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The NIL Revolution | A Star Tribune series examining how the name, image and likeness era is transforming college sports:

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Five bucks for every autograph. Twenty grand for a podcast appearance. Social media posts in exchange for $10,000. An autographed hockey sweater: Another ten grand. Football players making thousands for going to lunch with donors.

The details in 272 endorsement deals recently signed by Gophers athletes are fascinating. They reveal the power of the NIL policy changes in college sports, showing how student-athletes can profit — from pocket money to mortgage payments — off of their name, image or likeness.

Student-athletes are required to disclose their NIL deals to athletic departments, which organize the data and share it with the NCAA for tracking purposes. The Star Tribune obtained the University of Minnesota student-athlete NIL reports dating from August 2022 to January of this year, and here are five more things to know about the deals going down in Dinkytown:

Gophers women scoring deals

The women on campus are outpacing their male Gophers counterparts by a healthy margin in the number of NIL deals signed: 61% of deals in this timeframe were signed by women; 39% by men. We can't say, however, women are earning more because total dollar amounts can't be derived from this data, for two reasons: (1) many of the endorsement agreements are rate-based (several athletes, for example, make 4% commission on sales of shirts with their name on it); and (2) the data is both incomplete and heavily redacted. Removed from these reports per privacy laws, at Minnesota and any other university, are: the athlete's name, the name of the sponsoring company or donor and the exact date of the deal. Each of these 272 Gophers NIL deals does list a sport, though, and women's sports at the U of M are ahead in this count.

Twenty-one deals in these reports show an athlete making $5,000 or more, and the gender split on those high-dollar deals was 11 deals for men, 10 for women. Women seem to be at least keeping pace with the men at the U, if not leading.

Missing details

Some of the other fine print in this data shows just how vague and seemingly unorganized and unchecked reporting of NIL endorsement deals has become. A Gophers softball player wrote "Merchandise" in the description field and "4%" as the amount she will be paid. A volleyball player wrote she was "posting on my social media" for an "unknown percentage." More than 30 endorsement deals have "unclear" listed as the financial compensation. Some say the NIL era feels like the "wild west." These data reports used by the NCAA and member schools don't do much to change that reputation.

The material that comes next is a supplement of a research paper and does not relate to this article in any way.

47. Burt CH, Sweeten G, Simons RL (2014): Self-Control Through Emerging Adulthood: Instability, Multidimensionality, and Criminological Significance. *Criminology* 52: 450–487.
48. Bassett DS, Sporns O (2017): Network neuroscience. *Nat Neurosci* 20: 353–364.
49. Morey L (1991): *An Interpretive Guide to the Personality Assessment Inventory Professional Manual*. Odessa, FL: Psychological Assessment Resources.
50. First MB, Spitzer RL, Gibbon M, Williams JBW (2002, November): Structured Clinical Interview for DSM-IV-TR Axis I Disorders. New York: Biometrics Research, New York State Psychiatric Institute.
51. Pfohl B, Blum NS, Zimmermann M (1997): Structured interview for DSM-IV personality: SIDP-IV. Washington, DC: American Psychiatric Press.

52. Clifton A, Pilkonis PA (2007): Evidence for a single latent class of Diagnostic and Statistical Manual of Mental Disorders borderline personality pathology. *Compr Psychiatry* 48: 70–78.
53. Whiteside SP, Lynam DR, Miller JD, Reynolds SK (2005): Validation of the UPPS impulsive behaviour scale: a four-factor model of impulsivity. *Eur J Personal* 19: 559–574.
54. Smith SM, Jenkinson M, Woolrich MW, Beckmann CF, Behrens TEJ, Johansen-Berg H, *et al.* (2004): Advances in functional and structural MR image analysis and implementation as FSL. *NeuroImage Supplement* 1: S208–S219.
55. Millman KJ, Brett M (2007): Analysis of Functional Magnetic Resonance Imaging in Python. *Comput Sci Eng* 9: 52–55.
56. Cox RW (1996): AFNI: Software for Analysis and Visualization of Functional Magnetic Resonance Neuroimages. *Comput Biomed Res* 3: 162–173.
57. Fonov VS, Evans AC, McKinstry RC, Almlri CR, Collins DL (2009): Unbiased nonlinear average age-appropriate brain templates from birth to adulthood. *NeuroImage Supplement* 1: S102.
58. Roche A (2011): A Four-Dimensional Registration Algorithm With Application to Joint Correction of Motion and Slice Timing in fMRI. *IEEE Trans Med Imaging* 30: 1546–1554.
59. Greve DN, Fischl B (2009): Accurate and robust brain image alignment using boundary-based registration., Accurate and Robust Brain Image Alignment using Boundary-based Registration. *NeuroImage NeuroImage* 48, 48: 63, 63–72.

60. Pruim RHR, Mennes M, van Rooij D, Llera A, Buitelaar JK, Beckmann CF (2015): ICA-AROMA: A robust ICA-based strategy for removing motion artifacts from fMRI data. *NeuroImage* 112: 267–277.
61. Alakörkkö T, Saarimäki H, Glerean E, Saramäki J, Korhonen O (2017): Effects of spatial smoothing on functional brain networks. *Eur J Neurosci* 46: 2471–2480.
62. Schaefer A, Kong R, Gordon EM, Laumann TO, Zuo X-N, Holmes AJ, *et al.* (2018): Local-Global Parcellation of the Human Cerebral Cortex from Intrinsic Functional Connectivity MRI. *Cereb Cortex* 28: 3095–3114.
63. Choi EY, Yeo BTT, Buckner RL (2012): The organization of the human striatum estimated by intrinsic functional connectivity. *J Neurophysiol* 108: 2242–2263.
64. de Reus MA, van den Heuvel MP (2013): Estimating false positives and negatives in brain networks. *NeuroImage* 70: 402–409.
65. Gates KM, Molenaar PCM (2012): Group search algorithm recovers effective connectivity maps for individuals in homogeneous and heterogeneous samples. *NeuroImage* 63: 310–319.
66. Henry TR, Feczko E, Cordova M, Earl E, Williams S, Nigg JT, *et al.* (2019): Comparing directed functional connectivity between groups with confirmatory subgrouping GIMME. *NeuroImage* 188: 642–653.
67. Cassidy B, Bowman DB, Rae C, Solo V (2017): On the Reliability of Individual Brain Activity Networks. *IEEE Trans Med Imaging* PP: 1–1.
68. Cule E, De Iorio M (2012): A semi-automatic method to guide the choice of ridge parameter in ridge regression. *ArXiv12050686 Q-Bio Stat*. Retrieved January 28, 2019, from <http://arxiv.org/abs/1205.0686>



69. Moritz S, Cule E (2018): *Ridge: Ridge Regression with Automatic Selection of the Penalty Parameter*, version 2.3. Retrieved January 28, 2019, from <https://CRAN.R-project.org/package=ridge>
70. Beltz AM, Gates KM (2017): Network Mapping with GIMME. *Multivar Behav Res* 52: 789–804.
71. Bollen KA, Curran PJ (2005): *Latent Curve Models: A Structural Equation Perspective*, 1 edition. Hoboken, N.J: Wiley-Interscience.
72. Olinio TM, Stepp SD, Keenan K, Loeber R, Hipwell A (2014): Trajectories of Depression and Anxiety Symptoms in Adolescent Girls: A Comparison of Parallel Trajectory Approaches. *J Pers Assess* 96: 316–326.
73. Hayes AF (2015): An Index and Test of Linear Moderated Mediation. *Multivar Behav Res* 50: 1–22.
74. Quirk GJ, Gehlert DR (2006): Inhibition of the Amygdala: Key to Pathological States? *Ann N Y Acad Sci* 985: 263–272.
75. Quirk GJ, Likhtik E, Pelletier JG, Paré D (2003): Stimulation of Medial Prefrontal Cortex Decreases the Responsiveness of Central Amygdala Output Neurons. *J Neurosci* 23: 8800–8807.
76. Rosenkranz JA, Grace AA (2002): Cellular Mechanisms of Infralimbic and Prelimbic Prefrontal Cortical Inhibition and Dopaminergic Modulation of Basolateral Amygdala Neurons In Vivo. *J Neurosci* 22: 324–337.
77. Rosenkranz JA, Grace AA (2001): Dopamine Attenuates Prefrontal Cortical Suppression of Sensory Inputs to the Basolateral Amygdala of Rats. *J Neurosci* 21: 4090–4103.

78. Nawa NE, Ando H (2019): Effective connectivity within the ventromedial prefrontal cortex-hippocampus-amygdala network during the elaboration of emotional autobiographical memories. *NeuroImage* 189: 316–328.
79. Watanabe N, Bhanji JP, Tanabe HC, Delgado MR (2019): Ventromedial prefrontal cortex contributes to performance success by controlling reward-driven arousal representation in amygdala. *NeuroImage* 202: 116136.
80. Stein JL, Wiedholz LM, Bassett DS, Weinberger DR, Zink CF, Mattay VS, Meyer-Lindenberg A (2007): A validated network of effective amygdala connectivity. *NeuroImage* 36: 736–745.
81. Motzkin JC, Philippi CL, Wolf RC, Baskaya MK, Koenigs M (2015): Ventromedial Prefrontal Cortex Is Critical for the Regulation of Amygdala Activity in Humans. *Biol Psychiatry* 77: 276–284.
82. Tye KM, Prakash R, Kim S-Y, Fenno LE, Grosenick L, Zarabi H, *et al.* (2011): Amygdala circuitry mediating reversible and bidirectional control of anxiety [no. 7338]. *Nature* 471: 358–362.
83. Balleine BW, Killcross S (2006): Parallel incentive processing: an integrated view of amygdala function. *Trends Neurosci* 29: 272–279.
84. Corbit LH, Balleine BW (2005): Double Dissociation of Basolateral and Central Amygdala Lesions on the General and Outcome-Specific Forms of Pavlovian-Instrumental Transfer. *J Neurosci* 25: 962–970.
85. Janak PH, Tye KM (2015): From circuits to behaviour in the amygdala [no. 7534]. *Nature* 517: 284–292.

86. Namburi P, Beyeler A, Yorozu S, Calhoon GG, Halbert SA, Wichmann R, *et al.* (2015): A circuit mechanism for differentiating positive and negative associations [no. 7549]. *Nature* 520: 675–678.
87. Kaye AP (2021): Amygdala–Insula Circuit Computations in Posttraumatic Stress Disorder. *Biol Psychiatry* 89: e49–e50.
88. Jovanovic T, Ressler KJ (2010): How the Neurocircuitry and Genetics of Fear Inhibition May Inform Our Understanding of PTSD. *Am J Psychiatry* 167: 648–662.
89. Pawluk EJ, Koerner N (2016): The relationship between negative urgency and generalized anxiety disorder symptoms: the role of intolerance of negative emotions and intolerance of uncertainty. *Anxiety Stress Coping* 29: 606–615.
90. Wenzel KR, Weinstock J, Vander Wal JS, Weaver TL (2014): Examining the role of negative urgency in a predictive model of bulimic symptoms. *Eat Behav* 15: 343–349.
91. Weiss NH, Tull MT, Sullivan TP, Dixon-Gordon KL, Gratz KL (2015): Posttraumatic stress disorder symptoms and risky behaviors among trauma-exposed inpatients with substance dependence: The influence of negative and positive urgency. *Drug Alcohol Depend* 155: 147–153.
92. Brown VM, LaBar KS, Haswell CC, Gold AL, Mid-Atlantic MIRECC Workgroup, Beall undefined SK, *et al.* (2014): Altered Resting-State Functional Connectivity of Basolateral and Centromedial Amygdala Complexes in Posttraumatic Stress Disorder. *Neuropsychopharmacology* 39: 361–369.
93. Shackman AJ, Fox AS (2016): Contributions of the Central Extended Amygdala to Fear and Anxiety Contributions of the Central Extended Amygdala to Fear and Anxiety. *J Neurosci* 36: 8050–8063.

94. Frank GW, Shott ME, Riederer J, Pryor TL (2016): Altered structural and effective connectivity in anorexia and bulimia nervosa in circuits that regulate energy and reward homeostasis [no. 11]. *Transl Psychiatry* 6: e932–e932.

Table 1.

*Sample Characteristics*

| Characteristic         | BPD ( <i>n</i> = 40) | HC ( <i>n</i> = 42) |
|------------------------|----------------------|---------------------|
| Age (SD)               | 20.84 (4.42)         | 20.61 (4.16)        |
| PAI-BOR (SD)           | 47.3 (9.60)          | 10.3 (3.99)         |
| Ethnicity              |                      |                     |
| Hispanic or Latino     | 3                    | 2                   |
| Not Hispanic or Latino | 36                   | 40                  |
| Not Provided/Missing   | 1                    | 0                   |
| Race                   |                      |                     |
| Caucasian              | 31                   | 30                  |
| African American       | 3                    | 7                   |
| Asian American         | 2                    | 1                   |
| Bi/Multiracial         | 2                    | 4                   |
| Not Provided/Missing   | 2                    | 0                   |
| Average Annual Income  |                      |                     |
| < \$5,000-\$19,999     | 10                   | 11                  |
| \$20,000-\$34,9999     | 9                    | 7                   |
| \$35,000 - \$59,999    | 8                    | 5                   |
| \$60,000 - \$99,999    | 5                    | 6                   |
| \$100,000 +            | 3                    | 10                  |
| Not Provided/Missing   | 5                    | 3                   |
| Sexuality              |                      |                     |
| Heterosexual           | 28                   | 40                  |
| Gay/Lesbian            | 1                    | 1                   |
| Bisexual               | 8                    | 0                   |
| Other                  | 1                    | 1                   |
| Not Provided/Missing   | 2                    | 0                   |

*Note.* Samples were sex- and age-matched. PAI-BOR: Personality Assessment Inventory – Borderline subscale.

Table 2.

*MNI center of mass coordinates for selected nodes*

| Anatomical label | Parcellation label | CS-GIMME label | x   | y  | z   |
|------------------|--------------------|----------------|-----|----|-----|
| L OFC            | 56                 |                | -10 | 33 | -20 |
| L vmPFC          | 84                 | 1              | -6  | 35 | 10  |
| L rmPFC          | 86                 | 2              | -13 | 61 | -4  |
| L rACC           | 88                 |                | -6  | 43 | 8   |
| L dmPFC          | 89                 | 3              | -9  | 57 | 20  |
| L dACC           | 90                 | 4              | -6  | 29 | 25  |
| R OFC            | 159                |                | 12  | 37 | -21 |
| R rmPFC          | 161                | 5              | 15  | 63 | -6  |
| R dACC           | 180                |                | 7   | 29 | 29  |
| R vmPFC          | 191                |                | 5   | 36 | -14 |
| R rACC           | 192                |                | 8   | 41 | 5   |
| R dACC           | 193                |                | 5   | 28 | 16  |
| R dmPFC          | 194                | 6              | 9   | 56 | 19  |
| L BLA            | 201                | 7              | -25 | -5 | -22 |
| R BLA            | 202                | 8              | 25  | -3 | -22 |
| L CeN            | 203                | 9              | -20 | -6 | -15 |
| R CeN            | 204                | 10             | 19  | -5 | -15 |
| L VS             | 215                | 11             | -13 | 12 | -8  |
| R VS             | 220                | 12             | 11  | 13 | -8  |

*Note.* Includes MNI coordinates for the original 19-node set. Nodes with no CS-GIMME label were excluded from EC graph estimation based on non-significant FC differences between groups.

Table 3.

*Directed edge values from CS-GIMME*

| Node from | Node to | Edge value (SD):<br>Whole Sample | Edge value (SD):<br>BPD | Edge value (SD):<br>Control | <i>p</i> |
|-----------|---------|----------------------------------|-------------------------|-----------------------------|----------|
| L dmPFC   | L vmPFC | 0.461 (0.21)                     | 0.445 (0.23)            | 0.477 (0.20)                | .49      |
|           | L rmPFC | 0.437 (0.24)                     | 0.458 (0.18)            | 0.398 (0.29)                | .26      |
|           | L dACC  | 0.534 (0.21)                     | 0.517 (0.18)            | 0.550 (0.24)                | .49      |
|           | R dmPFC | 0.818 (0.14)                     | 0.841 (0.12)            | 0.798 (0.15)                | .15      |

Paying it forward

Many agreements for these Gophers athletes involve working at youth camps or spending time at clinics coaching young players. Some of these deals pay well, in the thousands, and some are similar to what a non-athlete would make working part-time. Softball players agreed to one-time payments ranging from $1,500 to $10,000 for their work at camps in recent months. A year ago, a volleyball player signed a deal to run her own camp and keep 75% of the entry fees. At least four Gophers athletes partnered with an outside entity to create his or her own youth camp.

Football is king

The leading sport for number of NIL deals? No surprise: football, with 59 reported NIL deals in this timeframe (22% of the total). Members of the basketball and hockey teams stay busy here, too, as you might have guessed (72 total deals for members of those four teams). Softball (41), women's soccer (23), gymnastics (21) and volleyball (12) also reached double-digits. Football players also landed a few of the highest-paying deals, ranging from $5,000 to $20,000 for lunches, autographs and social media posts.

Social media spotlight

In endorsement deals that appear on social media, a company might ask an athlete to make a post to a platform like Instagram or TikTok using their product or vocalizing their support for their business. Of the 272 recent Gophers NIL deals, social media-related endorsements accounted for 57% of those agreements.

Mara Braun, a leader on the Gophers women's basketball team, recently explained to the Star Tribune that she has signed NIL deals with electronics giant JBL, Minnesota-based KLN Family Brands and other companies and promoted their brands to her audience of more than 35,000 followers across Instagram, TikTok and X (formerly Twitter). Braun added that athletes like her can put some of this money toward causes they believe in and "stand for things bigger than" themselves. NIL "can get lost in the money," she said, "but for me, it's bigger than that."

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Recent Star Tribune sports intern Gavin Dorsey of Northwestern University contributed to this article.